Trouser Trouble, produced in Krio, for Marie Stopes International

Open Cinema

In a previous role working managing a homeless support centre in west London, we worked with Open Cinema. Open Cinema runs film clubs and workshops in homeless shelters and hostels. They invited Paul McGann to present to the charity’s homeless users, and invited BAFTA-award winner Martina Amati to run a successful film-making workshop, inspiring the attendees to make a film about their dreams. Florian’s Dream went on to be screened at the Open City Film Festival, with several of the film-makers attending – a hugely important and inspirational moment for them.

There are a number of charities and not-for-profit organisations that support working with film-makers in this way – and some even have funding to afford film-makers to work with them on these projects.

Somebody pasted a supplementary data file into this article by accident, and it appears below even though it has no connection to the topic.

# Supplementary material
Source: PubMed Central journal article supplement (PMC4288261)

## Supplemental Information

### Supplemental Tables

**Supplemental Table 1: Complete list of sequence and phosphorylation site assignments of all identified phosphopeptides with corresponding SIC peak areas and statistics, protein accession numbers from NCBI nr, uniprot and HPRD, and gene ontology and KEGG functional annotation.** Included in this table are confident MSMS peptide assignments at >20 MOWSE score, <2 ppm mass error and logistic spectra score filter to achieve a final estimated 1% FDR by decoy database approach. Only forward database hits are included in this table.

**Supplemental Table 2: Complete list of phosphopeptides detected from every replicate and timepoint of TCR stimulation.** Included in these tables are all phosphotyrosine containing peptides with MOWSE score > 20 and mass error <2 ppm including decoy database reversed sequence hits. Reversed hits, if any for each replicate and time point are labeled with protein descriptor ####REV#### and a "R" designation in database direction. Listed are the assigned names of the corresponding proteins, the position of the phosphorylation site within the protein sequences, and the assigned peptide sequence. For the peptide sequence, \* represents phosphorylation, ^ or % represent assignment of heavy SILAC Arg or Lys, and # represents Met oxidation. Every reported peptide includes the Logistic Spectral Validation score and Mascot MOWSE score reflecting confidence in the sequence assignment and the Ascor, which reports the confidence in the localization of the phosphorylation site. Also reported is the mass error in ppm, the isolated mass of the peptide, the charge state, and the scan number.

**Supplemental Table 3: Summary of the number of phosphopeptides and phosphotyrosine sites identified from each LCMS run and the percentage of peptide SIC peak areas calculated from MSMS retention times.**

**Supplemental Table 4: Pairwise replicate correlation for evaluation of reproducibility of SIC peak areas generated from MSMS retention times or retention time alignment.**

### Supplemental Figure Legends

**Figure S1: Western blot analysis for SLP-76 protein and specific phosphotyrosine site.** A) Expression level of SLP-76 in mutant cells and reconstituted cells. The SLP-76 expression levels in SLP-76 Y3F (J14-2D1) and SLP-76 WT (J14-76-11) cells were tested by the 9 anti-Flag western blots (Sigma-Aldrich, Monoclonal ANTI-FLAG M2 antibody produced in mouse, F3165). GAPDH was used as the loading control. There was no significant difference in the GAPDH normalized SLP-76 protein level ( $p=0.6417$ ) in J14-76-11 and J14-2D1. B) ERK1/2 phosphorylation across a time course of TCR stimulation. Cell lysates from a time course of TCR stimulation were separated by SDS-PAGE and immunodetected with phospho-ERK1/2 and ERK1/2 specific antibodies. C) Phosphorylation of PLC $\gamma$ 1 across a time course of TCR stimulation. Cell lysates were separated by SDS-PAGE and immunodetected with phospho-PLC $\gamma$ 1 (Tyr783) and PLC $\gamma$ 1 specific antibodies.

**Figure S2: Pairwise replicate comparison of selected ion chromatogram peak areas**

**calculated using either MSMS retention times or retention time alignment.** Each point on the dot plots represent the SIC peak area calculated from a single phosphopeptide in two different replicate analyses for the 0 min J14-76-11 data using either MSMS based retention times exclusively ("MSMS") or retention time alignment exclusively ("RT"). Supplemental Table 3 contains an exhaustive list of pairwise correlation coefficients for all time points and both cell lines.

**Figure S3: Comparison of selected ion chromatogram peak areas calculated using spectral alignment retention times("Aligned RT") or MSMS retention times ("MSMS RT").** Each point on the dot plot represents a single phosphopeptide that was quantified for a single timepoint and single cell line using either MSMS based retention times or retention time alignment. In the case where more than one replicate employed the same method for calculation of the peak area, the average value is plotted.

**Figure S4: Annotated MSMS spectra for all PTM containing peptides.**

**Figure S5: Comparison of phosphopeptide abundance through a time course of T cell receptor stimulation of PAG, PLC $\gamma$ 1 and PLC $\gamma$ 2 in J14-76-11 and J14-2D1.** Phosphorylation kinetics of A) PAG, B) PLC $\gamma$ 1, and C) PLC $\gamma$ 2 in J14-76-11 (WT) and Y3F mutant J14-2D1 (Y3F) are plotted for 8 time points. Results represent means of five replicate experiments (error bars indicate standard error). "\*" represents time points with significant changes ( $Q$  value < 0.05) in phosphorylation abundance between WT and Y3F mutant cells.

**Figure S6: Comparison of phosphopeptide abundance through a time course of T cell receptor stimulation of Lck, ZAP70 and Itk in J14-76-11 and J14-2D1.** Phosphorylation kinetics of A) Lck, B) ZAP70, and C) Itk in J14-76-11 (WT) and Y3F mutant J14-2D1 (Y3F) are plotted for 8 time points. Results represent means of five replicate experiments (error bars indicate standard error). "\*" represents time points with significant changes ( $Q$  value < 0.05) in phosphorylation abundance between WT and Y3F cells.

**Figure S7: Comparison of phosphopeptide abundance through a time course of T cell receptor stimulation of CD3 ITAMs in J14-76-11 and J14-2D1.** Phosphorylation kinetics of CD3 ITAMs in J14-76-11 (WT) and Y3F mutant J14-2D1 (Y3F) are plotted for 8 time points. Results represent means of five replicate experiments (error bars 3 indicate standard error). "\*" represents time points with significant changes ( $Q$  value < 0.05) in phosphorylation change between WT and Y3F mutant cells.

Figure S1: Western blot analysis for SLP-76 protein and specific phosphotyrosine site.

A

Humbled and inspired

All of these experiences were thoroughly enjoyable, quite humbling, and provided incredible insight into the lives of these people – insight that has subsequently gone on to inspire screenplays and short films (including my recent shorts ‘AK’ and ‘Move’ – both of which worked with talented young people I had first worked with on the Shelter film projects). Whilst the project you work on may no longer be ‘your’ film, more their film you are facilitating, and the outcomes may be not what you expected – they may also be surprising, and on occasion more insightful and better than you could’ve hoped for.

This close-working with the charity may also again open up other opportunities to work with the charity on film projects in the future. Again, as a charity manager, should I be in a position to commission a campaign film, I would be more likely to approach a film-maker that I was aware of, familiar with and trusted their work than some unknown faceless ad agency.

We’ve also found that they can help connect you to interested media partners and, all importantly, they’ve helped us find contributors as well.

Well worth doing, if you can.